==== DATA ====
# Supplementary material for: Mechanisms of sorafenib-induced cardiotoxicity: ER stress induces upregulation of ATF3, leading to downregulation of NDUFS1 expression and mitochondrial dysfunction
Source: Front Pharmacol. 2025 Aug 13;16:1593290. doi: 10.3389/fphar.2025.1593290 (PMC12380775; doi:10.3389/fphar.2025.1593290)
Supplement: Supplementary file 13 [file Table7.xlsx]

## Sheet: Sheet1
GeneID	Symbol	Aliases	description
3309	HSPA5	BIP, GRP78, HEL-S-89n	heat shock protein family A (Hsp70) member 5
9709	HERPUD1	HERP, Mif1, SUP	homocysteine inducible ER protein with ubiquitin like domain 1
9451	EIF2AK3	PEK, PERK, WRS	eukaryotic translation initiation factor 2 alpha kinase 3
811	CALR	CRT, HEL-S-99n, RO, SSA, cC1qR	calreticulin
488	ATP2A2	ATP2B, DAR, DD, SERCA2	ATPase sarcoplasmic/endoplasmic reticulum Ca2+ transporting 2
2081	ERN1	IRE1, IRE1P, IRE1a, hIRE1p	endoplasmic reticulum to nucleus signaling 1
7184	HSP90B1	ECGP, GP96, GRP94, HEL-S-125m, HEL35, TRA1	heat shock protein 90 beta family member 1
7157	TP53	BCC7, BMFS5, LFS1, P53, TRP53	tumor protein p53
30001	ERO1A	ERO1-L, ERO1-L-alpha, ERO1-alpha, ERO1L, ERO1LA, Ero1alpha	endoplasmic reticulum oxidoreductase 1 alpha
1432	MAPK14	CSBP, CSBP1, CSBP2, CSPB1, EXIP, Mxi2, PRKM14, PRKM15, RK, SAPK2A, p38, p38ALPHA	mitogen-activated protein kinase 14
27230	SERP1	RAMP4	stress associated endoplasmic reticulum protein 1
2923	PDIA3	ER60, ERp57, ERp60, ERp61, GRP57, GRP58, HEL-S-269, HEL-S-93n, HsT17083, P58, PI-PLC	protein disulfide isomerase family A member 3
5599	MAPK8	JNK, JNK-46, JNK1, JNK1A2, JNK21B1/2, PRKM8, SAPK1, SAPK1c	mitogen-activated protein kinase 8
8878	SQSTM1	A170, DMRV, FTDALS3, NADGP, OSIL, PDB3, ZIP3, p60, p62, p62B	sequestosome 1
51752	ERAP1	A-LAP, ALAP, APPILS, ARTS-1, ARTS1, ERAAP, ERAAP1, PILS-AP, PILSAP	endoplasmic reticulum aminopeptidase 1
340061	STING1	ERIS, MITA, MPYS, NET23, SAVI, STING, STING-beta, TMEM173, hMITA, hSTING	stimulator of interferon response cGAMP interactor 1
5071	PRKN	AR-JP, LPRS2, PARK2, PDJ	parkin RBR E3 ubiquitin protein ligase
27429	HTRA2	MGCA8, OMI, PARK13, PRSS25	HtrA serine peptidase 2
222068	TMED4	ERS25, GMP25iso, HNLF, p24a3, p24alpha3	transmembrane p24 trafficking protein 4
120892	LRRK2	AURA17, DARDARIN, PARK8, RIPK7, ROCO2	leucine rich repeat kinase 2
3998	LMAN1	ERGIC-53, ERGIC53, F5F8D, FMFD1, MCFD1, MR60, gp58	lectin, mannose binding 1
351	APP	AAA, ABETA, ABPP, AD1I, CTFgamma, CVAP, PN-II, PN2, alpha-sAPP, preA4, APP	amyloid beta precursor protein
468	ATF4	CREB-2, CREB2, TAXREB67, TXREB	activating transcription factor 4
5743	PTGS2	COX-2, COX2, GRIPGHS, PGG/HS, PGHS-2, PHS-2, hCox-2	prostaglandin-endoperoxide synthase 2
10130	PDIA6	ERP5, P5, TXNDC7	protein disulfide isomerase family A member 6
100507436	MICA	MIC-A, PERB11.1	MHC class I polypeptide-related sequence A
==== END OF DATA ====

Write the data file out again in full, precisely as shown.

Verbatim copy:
# Supplementary material for: Mechanisms of sorafenib-induced cardiotoxicity: ER stress induces upregulation of ATF3, leading to downregulation of NDUFS1 expression and mitochondrial dysfunction
Source: Front Pharmacol. 2025 Aug 13;16:1593290. doi: 10.3389/fphar.2025.1593290 (PMC12380775; doi:10.3389/fphar.2025.1593290)
Supplement: Supplementary file 13 [file Table7.xlsx]

## Sheet: Sheet1
GeneID	Symbol	Aliases	description
3309	HSPA5	BIP, GRP78, HEL-S-89n	heat shock protein family A (Hsp70) member 5
9709	HERPUD1	HERP, Mif1, SUP	homocysteine inducible ER protein with ubiquitin like domain 1
9451	EIF2AK3	PEK, PERK, WRS	eukaryotic translation initiation factor 2 alpha kinase 3
811	CALR	CRT, HEL-S-99n, RO, SSA, cC1qR	calreticulin
488	ATP2A2	ATP2B, DAR, DD, SERCA2	ATPase sarcoplasmic/endoplasmic reticulum Ca2+ transporting 2
2081	ERN1	IRE1, IRE1P, IRE1a, hIRE1p	endoplasmic reticulum to nucleus signaling 1
7184	HSP90B1	ECGP, GP96, GRP94, HEL-S-125m, HEL35, TRA1	heat shock protein 90 beta family member 1
7157	TP53	BCC7, BMFS5, LFS1, P53, TRP53	tumor protein p53
30001	ERO1A	ERO1-L, ERO1-L-alpha, ERO1-alpha, ERO1L, ERO1LA, Ero1alpha	endoplasmic reticulum oxidoreductase 1 alpha
1432	MAPK14	CSBP, CSBP1, CSBP2, CSPB1, EXIP, Mxi2, PRKM14, PRKM15, RK, SAPK2A, p38, p38ALPHA	mitogen-activated protein kinase 14
27230	SERP1	RAMP4	stress associated endoplasmic reticulum protein 1
2923	PDIA3	ER60, ERp57, ERp60, ERp61, GRP57, GRP58, HEL-S-269, HEL-S-93n, HsT17083, P58, PI-PLC	protein disulfide isomerase family A member 3
5599	MAPK8	JNK, JNK-46, JNK1, JNK1A2, JNK21B1/2, PRKM8, SAPK1, SAPK1c	mitogen-activated protein kinase 8
8878	SQSTM1	A170, DMRV, FTDALS3, NADGP, OSIL, PDB3, ZIP3, p60, p62, p62B	sequestosome 1
51752	ERAP1	A-LAP, ALAP, APPILS, ARTS-1, ARTS1, ERAAP, ERAAP1, PILS-AP, PILSAP	endoplasmic reticulum aminopeptidase 1
340061	STING1	ERIS, MITA, MPYS, NET23, SAVI, STING, STING-beta, TMEM173, hMITA, hSTING	stimulator of interferon response cGAMP interactor 1
5071	PRKN	AR-JP, LPRS2, PARK2, PDJ	parkin RBR E3 ubiquitin protein ligase
27429	HTRA2	MGCA8, OMI, PARK13, PRSS25	HtrA serine peptidase 2
222068	TMED4	ERS25, GMP25iso, HNLF, p24a3, p24alpha3	transmembrane p24 trafficking protein 4
120892	LRRK2	AURA17, DARDARIN, PARK8, RIPK7, ROCO2	leucine rich repeat kinase 2
3998	LMAN1	ERGIC-53, ERGIC53, F5F8D, FMFD1, MCFD1, MR60, gp58	lectin, mannose binding 1
351	APP	AAA, ABETA, ABPP, AD1I, CTFgamma, CVAP, PN-II, PN2, alpha-sAPP, preA4, APP	amyloid beta precursor protein
468	ATF4	CREB-2, CREB2, TAXREB67, TXREB	activating transcription factor 4
5743	PTGS2	COX-2, COX2, GRIPGHS, PGG/HS, PGHS-2, PHS-2, hCox-2	prostaglandin-endoperoxide synthase 2
10130	PDIA6	ERP5, P5, TXNDC7	protein disulfide isomerase family A member 6
100507436	MICA	MIC-A, PERB11.1	MHC class I polypeptide-related sequence A